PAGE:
Africa: The Gambia set to join the Banjul Protocol on Marks
Matthew Costard of Spoor & Fisher explains why the Gambia’s ‘British law’ legacy is a cause of concern for ARIPO trademarks
The African Regional Intellectual Property Organisation (ARIPO) is one of Africa’s two regional IP registration systems. ARIPO enables IP owners to get protection for their rights in one or more member countries through a central filing together with a designation of the countries of interest. This is in contrast to the African Intellectual Property Organisation (OAPI), which involves a single filing that automatically covers all the member countries.
The treaty that regulates ARIPO trademarks is the Banjul Protocol on Marks. Eleven countries can be covered through an ARIPO trademark registration (Botswana, Eswatini, Lesotho, Liberia, Malawi, Mozambique, Namibia, São Tomé and Príncipe, Uganda, Tanzania, and Zimbabwe).
On May 4 2021, ARIPO announced that the Gambia will be the 12th trademark member country, and will join the Banjul Protocol on Marks with effect from August 3 2021. What this means is that as of August 3 2021, trademark owners will be able to designate the Gambia in an ARIPO trademark application.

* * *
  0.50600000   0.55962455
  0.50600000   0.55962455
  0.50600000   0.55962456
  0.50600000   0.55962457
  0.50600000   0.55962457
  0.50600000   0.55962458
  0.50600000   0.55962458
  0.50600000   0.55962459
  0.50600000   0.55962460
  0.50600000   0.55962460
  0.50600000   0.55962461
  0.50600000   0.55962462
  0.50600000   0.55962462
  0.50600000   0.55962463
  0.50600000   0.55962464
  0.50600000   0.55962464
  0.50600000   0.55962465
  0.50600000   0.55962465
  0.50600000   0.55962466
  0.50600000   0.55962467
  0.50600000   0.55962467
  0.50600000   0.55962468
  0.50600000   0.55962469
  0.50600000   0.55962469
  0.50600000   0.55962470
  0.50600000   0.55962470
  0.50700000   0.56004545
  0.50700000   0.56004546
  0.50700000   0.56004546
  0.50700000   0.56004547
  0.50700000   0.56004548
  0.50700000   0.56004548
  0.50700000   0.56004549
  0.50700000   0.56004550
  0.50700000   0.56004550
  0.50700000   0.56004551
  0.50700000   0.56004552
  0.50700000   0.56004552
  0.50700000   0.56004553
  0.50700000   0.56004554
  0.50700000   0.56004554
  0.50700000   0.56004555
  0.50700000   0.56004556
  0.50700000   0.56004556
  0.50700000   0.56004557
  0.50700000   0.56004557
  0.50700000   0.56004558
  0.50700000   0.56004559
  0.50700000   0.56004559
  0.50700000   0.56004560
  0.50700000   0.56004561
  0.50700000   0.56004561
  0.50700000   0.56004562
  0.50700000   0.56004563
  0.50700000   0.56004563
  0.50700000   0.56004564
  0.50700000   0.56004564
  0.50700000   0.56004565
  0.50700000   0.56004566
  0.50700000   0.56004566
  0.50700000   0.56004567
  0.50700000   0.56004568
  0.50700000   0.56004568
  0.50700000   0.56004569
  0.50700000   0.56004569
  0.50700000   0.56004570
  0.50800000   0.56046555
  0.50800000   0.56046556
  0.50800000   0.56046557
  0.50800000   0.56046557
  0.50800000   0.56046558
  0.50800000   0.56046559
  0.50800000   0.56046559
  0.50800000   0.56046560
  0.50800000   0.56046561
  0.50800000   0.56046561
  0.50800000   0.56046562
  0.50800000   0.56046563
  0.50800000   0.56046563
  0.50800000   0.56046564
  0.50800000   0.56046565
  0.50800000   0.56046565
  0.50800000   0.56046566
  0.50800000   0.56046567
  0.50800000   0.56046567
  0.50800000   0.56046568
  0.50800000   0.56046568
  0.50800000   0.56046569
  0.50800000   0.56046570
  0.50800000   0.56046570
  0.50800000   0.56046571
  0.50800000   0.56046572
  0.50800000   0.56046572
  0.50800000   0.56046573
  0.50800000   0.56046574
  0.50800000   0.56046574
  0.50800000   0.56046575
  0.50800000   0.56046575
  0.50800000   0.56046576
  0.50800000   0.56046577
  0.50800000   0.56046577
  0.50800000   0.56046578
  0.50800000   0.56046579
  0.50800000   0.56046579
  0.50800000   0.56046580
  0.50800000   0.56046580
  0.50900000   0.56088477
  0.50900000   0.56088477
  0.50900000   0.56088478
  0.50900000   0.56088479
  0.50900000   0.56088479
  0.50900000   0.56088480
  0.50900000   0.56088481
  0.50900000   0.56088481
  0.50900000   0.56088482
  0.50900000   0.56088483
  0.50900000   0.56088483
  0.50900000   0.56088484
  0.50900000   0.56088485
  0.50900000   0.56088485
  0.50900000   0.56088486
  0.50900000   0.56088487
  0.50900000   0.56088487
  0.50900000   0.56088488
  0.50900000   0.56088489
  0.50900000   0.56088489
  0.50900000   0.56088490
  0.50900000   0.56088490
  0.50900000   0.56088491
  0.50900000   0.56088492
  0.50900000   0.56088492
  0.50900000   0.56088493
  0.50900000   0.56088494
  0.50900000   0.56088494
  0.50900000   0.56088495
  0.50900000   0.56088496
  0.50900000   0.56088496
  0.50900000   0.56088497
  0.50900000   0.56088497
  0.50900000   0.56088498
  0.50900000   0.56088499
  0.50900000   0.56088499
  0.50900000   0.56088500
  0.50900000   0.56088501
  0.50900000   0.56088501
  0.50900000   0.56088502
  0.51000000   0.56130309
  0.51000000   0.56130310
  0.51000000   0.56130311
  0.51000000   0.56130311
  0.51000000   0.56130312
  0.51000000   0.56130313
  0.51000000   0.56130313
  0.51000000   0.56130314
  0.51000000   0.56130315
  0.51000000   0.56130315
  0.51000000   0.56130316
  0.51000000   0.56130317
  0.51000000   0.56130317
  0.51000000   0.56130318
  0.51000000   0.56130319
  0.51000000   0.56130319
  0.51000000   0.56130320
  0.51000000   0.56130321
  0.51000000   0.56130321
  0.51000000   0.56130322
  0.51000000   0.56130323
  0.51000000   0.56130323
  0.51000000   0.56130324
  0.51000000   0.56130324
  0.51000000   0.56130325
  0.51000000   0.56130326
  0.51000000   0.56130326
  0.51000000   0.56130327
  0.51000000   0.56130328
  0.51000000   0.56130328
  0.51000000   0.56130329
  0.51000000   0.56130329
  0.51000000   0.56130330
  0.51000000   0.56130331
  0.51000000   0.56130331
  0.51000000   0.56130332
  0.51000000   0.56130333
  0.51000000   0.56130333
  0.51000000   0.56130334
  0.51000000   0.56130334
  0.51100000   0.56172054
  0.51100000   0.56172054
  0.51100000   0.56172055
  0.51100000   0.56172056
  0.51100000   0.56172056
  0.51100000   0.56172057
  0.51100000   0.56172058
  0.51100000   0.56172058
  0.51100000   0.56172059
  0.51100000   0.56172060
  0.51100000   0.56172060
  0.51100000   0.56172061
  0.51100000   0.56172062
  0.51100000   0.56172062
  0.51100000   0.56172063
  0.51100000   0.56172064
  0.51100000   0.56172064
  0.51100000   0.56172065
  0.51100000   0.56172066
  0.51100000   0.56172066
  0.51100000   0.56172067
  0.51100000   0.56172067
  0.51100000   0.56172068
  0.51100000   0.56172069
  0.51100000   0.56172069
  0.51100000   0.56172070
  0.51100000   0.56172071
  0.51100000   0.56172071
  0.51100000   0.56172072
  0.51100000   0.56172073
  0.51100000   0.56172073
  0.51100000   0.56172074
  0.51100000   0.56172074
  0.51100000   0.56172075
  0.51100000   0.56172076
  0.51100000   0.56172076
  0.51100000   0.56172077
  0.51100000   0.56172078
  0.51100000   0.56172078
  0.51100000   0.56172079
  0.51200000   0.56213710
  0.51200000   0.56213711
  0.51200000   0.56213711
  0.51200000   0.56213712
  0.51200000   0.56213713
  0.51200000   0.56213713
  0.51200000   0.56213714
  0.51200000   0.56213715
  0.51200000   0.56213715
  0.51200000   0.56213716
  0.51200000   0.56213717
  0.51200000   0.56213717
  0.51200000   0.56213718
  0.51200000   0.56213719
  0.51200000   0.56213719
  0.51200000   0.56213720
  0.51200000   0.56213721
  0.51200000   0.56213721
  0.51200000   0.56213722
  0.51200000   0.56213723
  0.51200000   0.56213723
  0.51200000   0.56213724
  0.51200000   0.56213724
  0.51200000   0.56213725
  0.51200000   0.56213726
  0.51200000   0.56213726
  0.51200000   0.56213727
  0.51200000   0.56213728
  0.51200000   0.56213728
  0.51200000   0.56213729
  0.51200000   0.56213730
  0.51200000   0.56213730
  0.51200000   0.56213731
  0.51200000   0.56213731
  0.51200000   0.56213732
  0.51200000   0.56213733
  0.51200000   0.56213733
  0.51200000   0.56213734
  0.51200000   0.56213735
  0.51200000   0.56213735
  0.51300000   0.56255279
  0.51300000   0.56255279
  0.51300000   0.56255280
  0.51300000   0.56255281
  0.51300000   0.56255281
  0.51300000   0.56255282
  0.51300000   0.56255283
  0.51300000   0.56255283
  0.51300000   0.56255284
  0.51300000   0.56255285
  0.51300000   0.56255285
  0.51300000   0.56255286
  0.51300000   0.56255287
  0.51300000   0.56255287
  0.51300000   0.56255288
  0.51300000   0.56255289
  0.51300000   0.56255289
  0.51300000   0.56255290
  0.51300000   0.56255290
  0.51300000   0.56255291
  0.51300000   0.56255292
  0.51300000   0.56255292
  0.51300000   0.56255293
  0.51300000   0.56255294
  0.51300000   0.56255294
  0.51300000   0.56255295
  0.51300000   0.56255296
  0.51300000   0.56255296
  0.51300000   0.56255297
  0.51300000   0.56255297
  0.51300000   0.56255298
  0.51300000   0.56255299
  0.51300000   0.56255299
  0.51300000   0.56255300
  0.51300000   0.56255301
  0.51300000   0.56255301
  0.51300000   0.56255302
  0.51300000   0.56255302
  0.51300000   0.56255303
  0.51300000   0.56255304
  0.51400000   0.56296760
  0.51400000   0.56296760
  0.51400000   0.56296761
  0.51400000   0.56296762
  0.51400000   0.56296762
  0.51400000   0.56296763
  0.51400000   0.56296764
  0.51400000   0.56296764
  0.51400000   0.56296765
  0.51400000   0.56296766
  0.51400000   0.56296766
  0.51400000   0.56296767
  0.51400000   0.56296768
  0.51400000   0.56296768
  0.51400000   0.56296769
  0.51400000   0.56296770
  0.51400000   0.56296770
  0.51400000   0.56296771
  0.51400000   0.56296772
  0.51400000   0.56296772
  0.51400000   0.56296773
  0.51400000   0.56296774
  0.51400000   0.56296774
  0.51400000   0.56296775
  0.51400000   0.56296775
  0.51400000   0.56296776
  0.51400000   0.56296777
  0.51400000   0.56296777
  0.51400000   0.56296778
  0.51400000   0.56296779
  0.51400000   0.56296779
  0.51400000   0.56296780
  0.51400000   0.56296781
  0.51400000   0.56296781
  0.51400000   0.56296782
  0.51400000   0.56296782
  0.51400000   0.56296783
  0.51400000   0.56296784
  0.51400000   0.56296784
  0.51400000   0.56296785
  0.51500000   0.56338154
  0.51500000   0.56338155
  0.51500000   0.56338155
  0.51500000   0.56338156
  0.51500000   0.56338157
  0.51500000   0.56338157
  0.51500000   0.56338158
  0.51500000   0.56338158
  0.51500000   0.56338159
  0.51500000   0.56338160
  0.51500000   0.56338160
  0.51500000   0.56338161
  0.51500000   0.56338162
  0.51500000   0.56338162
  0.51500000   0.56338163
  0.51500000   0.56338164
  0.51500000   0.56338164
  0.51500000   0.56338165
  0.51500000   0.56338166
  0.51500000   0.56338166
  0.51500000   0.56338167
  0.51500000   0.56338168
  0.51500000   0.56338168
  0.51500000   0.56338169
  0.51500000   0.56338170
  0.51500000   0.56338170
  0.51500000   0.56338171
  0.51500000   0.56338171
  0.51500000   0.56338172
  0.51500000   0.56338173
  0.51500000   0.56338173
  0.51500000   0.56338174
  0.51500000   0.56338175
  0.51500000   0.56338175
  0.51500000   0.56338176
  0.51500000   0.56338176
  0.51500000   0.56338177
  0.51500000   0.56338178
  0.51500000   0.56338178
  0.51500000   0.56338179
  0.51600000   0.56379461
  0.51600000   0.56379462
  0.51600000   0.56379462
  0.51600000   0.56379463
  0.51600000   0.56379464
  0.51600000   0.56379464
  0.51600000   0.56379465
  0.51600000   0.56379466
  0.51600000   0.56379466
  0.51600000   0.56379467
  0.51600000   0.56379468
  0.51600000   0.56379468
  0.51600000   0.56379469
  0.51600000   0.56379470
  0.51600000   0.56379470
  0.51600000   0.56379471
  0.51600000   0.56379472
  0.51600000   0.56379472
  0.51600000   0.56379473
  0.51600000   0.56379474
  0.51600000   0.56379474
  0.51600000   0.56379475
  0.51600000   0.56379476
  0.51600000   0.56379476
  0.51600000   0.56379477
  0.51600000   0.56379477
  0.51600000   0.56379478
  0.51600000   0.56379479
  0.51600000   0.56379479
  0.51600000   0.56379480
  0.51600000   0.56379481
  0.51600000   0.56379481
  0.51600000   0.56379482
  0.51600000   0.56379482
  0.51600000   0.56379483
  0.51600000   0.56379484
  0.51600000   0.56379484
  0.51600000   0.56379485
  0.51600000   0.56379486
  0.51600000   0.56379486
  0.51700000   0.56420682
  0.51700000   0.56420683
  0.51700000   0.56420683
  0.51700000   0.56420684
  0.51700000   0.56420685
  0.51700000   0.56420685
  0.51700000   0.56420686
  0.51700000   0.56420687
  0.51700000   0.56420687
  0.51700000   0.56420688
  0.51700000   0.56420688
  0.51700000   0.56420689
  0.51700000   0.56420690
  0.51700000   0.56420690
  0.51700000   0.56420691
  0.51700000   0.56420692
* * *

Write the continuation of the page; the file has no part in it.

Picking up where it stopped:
Yet trademark owners should be wary. The Gambia is what is sometimes known as a ‘British law country’. The effect of this is that international treaties do not become part of the Gambian law until such time as they are specifically enacted in local legislation. The Banjul Protocol on Marks has not been incorporated in any legislation in the Gambia, and this means that any designation of the Gambia in an ARIPO trademark application will have no effect. Purported trademark registrations will be open to attack.
It is worth noting that there is a draft law in the Gambia that does incorporate the Banjul Protocol into the Gambian law (An Act to Repeal The Industrial Property Act 2007, see Section 61(13)). It is not known when this will come into effect, although local sources are hopeful that the bill will be tabled at the next sitting of the National Assembly and that it will be enacted before August 3 2021. Until such a time when the draft law is in force, the safest course for trademark owners will be to use the national trademark system.
Matthew CostardDirector, Spoor & FisherE: email@example.com